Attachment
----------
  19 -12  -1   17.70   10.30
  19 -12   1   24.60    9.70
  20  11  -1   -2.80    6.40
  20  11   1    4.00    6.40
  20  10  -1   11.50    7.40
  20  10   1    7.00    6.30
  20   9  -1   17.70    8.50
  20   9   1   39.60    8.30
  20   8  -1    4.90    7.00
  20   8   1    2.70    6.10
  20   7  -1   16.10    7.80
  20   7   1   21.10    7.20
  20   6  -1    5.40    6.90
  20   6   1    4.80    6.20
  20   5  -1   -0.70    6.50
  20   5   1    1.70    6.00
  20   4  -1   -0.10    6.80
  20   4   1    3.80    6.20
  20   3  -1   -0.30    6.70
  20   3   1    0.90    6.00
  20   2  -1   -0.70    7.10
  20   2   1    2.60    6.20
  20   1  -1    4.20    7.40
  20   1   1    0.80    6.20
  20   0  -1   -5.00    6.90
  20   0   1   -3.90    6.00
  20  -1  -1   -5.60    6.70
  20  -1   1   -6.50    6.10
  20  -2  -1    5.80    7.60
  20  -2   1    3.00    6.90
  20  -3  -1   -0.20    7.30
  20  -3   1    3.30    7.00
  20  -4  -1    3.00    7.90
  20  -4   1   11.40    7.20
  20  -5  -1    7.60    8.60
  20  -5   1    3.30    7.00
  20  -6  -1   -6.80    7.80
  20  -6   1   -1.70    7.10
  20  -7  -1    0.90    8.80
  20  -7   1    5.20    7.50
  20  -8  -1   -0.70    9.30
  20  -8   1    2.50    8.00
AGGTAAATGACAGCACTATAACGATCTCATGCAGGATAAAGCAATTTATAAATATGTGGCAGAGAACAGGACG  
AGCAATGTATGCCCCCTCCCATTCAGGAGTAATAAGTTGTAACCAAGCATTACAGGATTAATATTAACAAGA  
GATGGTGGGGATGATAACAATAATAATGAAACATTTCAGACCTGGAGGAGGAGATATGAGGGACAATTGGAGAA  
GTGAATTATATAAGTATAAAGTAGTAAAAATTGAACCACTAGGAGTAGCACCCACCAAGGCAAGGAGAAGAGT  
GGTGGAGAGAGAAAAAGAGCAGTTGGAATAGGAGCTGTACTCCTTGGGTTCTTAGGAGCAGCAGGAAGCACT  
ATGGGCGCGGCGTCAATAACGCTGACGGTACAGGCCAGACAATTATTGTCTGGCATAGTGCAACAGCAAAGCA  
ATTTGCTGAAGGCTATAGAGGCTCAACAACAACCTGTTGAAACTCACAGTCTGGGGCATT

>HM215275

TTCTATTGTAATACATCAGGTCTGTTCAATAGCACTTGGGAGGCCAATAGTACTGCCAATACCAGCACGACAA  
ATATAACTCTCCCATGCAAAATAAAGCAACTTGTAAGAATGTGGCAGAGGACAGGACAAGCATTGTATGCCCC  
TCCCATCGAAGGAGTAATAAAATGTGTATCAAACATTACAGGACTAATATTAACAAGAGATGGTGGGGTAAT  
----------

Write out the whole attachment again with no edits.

  19 -12  -1   17.70   10.30
  19 -12   1   24.60    9.70
  20  11  -1   -2.80    6.40
  20  11   1    4.00    6.40
  20  10  -1   11.50    7.40
  20  10   1    7.00    6.30
  20   9  -1   17.70    8.50
  20   9   1   39.60    8.30
  20   8  -1    4.90    7.00
  20   8   1    2.70    6.10
  20   7  -1   16.10    7.80
  20   7   1   21.10    7.20
  20   6  -1    5.40    6.90
  20   6   1    4.80    6.20
  20   5  -1   -0.70    6.50
  20   5   1    1.70    6.00
  20   4  -1   -0.10    6.80
  20   4   1    3.80    6.20
  20   3  -1   -0.30    6.70
  20   3   1    0.90    6.00
  20   2  -1   -0.70    7.10
  20   2   1    2.60    6.20
  20   1  -1    4.20    7.40
  20   1   1    0.80    6.20
  20   0  -1   -5.00    6.90
  20   0   1   -3.90    6.00
  20  -1  -1   -5.60    6.70
  20  -1   1   -6.50    6.10
  20  -2  -1    5.80    7.60
  20  -2   1    3.00    6.90
  20  -3  -1   -0.20    7.30
  20  -3   1    3.30    7.00
  20  -4  -1    3.00    7.90
  20  -4   1   11.40    7.20
  20  -5  -1    7.60    8.60
  20  -5   1    3.30    7.00
  20  -6  -1   -6.80    7.80
  20  -6   1   -1.70    7.10
  20  -7  -1    0.90    8.80
  20  -7   1    5.20    7.50
  20  -8  -1   -0.70    9.30
  20  -8   1    2.50    8.00
AGGTAAATGACAGCACTATAACGATCTCATGCAGGATAAAGCAATTTATAAATATGTGGCAGAGAACAGGACG  
AGCAATGTATGCCCCCTCCCATTCAGGAGTAATAAGTTGTAACCAAGCATTACAGGATTAATATTAACAAGA  
GATGGTGGGGATGATAACAATAATAATGAAACATTTCAGACCTGGAGGAGGAGATATGAGGGACAATTGGAGAA  
GTGAATTATATAAGTATAAAGTAGTAAAAATTGAACCACTAGGAGTAGCACCCACCAAGGCAAGGAGAAGAGT  
GGTGGAGAGAGAAAAAGAGCAGTTGGAATAGGAGCTGTACTCCTTGGGTTCTTAGGAGCAGCAGGAAGCACT  
ATGGGCGCGGCGTCAATAACGCTGACGGTACAGGCCAGACAATTATTGTCTGGCATAGTGCAACAGCAAAGCA  
ATTTGCTGAAGGCTATAGAGGCTCAACAACAACCTGTTGAAACTCACAGTCTGGGGCATT

>HM215275

TTCTATTGTAATACATCAGGTCTGTTCAATAGCACTTGGGAGGCCAATAGTACTGCCAATACCAGCACGACAA  
ATATAACTCTCCCATGCAAAATAAAGCAACTTGTAAGAATGTGGCAGAGGACAGGACAAGCATTGTATGCCCC  
TCCCATCGAAGGAGTAATAAAATGTGTATCAAACATTACAGGACTAATATTAACAAGAGATGGTGGGGTAAT  